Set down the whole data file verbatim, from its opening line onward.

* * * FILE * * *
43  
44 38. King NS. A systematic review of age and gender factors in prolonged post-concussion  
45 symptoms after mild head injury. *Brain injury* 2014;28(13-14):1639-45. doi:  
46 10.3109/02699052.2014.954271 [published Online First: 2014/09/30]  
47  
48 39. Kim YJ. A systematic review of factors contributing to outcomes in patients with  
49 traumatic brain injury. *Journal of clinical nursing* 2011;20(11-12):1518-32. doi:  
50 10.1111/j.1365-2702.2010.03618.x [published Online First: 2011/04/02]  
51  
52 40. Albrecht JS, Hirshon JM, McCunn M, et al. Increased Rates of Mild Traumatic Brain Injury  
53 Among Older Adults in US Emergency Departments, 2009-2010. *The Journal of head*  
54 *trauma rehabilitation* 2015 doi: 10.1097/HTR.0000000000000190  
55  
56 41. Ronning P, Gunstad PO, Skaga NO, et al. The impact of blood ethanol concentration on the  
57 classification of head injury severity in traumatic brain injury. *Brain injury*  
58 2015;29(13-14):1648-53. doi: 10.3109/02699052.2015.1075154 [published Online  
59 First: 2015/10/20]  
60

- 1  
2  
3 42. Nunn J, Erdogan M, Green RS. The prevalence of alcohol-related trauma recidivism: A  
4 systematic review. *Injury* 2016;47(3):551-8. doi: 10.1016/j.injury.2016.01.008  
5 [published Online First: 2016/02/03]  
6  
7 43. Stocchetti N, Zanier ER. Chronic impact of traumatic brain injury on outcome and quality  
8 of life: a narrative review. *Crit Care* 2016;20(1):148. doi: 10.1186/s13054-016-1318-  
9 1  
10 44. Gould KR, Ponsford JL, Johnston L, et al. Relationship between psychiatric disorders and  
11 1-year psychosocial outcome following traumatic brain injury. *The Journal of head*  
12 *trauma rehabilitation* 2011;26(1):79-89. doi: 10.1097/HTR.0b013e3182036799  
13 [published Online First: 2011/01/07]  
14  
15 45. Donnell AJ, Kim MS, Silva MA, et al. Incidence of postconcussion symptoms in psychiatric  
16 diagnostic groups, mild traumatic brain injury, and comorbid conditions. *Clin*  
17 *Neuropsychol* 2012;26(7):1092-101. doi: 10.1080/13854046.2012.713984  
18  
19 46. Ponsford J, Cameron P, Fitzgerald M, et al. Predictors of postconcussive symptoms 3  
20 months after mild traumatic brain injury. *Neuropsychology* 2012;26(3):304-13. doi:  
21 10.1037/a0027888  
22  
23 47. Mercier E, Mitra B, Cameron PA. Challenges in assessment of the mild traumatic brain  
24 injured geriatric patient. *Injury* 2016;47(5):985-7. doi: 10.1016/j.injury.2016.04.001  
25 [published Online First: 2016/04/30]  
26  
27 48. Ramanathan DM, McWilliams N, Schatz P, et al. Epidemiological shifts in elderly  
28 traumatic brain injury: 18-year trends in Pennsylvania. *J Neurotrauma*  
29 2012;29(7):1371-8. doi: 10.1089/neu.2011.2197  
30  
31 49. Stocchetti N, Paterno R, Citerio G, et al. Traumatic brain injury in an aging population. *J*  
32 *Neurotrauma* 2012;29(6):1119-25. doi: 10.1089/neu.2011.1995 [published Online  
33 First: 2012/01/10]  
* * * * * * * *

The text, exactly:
43  
44 38. King NS. A systematic review of age and gender factors in prolonged post-concussion  
45 symptoms after mild head injury. *Brain injury* 2014;28(13-14):1639-45. doi:  
46 10.3109/02699052.2014.954271 [published Online First: 2014/09/30]  
47  
48 39. Kim YJ. A systematic review of factors contributing to outcomes in patients with  
49 traumatic brain injury. *Journal of clinical nursing* 2011;20(11-12):1518-32. doi:  
50 10.1111/j.1365-2702.2010.03618.x [published Online First: 2011/04/02]  
51  
52 40. Albrecht JS, Hirshon JM, McCunn M, et al. Increased Rates of Mild Traumatic Brain Injury  
53 Among Older Adults in US Emergency Departments, 2009-2010. *The Journal of head*  
54 *trauma rehabilitation* 2015 doi: 10.1097/HTR.0000000000000190  
55  
56 41. Ronning P, Gunstad PO, Skaga NO, et al. The impact of blood ethanol concentration on the  
57 classification of head injury severity in traumatic brain injury. *Brain injury*  
58 2015;29(13-14):1648-53. doi: 10.3109/02699052.2015.1075154 [published Online  
59 First: 2015/10/20]  
60

- 1  
2  
3 42. Nunn J, Erdogan M, Green RS. The prevalence of alcohol-related trauma recidivism: A  
4 systematic review. *Injury* 2016;47(3):551-8. doi: 10.1016/j.injury.2016.01.008  
5 [published Online First: 2016/02/03]  
6  
7 43. Stocchetti N, Zanier ER. Chronic impact of traumatic brain injury on outcome and quality  
8 of life: a narrative review. *Crit Care* 2016;20(1):148. doi: 10.1186/s13054-016-1318-  
9 1  
10 44. Gould KR, Ponsford JL, Johnston L, et al. Relationship between psychiatric disorders and  
11 1-year psychosocial outcome following traumatic brain injury. *The Journal of head*  
12 *trauma rehabilitation* 2011;26(1):79-89. doi: 10.1097/HTR.0b013e3182036799  
13 [published Online First: 2011/01/07]  
14  
15 45. Donnell AJ, Kim MS, Silva MA, et al. Incidence of postconcussion symptoms in psychiatric  
16 diagnostic groups, mild traumatic brain injury, and comorbid conditions. *Clin*  
17 *Neuropsychol* 2012;26(7):1092-101. doi: 10.1080/13854046.2012.713984  
18  
19 46. Ponsford J, Cameron P, Fitzgerald M, et al. Predictors of postconcussive symptoms 3  
20 months after mild traumatic brain injury. *Neuropsychology* 2012;26(3):304-13. doi:  
21 10.1037/a0027888  
22  
23 47. Mercier E, Mitra B, Cameron PA. Challenges in assessment of the mild traumatic brain  
24 injured geriatric patient. *Injury* 2016;47(5):985-7. doi: 10.1016/j.injury.2016.04.001  
25 [published Online First: 2016/04/30]  
26  
27 48. Ramanathan DM, McWilliams N, Schatz P, et al. Epidemiological shifts in elderly  
28 traumatic brain injury: 18-year trends in Pennsylvania. *J Neurotrauma*  
29 2012;29(7):1371-8. doi: 10.1089/neu.2011.2197  
30  
31 49. Stocchetti N, Paterno R, Citerio G, et al. Traumatic brain injury in an aging population. *J*  
32 *Neurotrauma* 2012;29(6):1119-25. doi: 10.1089/neu.2011.1995 [published Online  
33 First: 2012/01/10]  